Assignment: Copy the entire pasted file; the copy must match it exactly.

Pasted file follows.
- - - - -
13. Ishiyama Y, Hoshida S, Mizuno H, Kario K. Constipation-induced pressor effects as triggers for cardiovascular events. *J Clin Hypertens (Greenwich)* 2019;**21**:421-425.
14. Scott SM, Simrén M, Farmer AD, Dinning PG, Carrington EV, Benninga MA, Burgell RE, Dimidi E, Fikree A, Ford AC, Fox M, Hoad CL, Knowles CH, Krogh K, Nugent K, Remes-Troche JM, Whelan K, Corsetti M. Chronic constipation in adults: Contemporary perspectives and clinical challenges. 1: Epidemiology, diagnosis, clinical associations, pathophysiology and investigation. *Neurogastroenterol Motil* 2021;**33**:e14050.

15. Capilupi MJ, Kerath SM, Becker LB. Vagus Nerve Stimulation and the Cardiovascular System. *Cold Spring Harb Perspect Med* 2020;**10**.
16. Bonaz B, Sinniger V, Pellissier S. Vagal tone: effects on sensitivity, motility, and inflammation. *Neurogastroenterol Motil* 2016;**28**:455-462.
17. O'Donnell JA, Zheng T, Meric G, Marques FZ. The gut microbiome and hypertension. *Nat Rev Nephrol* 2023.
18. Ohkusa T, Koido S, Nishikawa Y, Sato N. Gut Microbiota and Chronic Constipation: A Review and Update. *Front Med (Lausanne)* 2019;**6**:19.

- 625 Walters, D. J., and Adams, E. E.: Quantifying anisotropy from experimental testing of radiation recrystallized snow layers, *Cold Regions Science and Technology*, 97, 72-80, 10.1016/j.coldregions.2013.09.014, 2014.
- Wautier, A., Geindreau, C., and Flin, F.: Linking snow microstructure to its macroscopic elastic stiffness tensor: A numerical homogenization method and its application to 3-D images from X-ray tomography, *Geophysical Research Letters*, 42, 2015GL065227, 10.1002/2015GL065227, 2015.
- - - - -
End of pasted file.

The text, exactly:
13. Ishiyama Y, Hoshida S, Mizuno H, Kario K. Constipation-induced pressor effects as triggers for cardiovascular events. *J Clin Hypertens (Greenwich)* 2019;**21**:421-425.
14. Scott SM, Simrén M, Farmer AD, Dinning PG, Carrington EV, Benninga MA, Burgell RE, Dimidi E, Fikree A, Ford AC, Fox M, Hoad CL, Knowles CH, Krogh K, Nugent K, Remes-Troche JM, Whelan K, Corsetti M. Chronic constipation in adults: Contemporary perspectives and clinical challenges. 1: Epidemiology, diagnosis, clinical associations, pathophysiology and investigation. *Neurogastroenterol Motil* 2021;**33**:e14050.

15. Capilupi MJ, Kerath SM, Becker LB. Vagus Nerve Stimulation and the Cardiovascular System. *Cold Spring Harb Perspect Med* 2020;**10**.
16. Bonaz B, Sinniger V, Pellissier S. Vagal tone: effects on sensitivity, motility, and inflammation. *Neurogastroenterol Motil* 2016;**28**:455-462.
17. O'Donnell JA, Zheng T, Meric G, Marques FZ. The gut microbiome and hypertension. *Nat Rev Nephrol* 2023.
18. Ohkusa T, Koido S, Nishikawa Y, Sato N. Gut Microbiota and Chronic Constipation: A Review and Update. *Front Med (Lausanne)* 2019;**6**:19.

- 625 Walters, D. J., and Adams, E. E.: Quantifying anisotropy from experimental testing of radiation recrystallized snow layers, *Cold Regions Science and Technology*, 97, 72-80, 10.1016/j.coldregions.2013.09.014, 2014.
- Wautier, A., Geindreau, C., and Flin, F.: Linking snow microstructure to its macroscopic elastic stiffness tensor: A numerical homogenization method and its application to 3-D images from X-ray tomography, *Geophysical Research Letters*, 42, 2015GL065227, 10.1002/2015GL065227, 2015.